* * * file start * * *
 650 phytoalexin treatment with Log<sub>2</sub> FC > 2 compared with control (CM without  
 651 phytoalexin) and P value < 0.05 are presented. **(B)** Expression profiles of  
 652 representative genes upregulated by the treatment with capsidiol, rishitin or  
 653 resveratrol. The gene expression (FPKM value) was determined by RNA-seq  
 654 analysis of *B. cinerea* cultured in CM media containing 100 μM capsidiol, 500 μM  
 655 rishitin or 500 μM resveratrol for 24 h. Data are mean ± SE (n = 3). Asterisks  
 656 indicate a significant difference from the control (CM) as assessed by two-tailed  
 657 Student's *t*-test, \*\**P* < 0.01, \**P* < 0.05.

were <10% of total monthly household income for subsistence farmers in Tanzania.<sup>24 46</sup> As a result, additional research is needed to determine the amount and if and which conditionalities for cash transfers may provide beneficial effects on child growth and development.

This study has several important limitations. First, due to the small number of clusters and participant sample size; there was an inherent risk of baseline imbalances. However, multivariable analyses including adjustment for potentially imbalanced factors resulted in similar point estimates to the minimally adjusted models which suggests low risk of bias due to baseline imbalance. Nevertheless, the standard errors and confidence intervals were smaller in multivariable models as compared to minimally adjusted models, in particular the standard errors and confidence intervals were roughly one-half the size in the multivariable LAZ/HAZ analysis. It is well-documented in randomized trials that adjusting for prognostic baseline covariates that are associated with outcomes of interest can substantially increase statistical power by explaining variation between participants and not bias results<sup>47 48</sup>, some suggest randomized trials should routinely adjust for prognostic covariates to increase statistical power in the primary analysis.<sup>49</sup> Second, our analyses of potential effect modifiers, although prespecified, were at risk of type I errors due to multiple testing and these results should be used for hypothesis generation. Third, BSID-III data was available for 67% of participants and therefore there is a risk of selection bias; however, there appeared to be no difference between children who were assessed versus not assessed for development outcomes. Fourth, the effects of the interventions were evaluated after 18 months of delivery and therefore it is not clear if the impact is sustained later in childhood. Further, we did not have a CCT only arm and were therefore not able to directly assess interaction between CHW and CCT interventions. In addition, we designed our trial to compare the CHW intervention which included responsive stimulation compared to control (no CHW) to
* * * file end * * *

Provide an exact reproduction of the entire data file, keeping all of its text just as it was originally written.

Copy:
 650 phytoalexin treatment with Log<sub>2</sub> FC > 2 compared with control (CM without  
 651 phytoalexin) and P value < 0.05 are presented. **(B)** Expression profiles of  
 652 representative genes upregulated by the treatment with capsidiol, rishitin or  
 653 resveratrol. The gene expression (FPKM value) was determined by RNA-seq  
 654 analysis of *B. cinerea* cultured in CM media containing 100 μM capsidiol, 500 μM  
 655 rishitin or 500 μM resveratrol for 24 h. Data are mean ± SE (n = 3). Asterisks  
 656 indicate a significant difference from the control (CM) as assessed by two-tailed  
 657 Student's *t*-test, \*\**P* < 0.01, \**P* < 0.05.

were <10% of total monthly household income for subsistence farmers in Tanzania.<sup>24 46</sup> As a result, additional research is needed to determine the amount and if and which conditionalities for cash transfers may provide beneficial effects on child growth and development.

This study has several important limitations. First, due to the small number of clusters and participant sample size; there was an inherent risk of baseline imbalances. However, multivariable analyses including adjustment for potentially imbalanced factors resulted in similar point estimates to the minimally adjusted models which suggests low risk of bias due to baseline imbalance. Nevertheless, the standard errors and confidence intervals were smaller in multivariable models as compared to minimally adjusted models, in particular the standard errors and confidence intervals were roughly one-half the size in the multivariable LAZ/HAZ analysis. It is well-documented in randomized trials that adjusting for prognostic baseline covariates that are associated with outcomes of interest can substantially increase statistical power by explaining variation between participants and not bias results<sup>47 48</sup>, some suggest randomized trials should routinely adjust for prognostic covariates to increase statistical power in the primary analysis.<sup>49</sup> Second, our analyses of potential effect modifiers, although prespecified, were at risk of type I errors due to multiple testing and these results should be used for hypothesis generation. Third, BSID-III data was available for 67% of participants and therefore there is a risk of selection bias; however, there appeared to be no difference between children who were assessed versus not assessed for development outcomes. Fourth, the effects of the interventions were evaluated after 18 months of delivery and therefore it is not clear if the impact is sustained later in childhood. Further, we did not have a CCT only arm and were therefore not able to directly assess interaction between CHW and CCT interventions. In addition, we designed our trial to compare the CHW intervention which included responsive stimulation compared to control (no CHW) to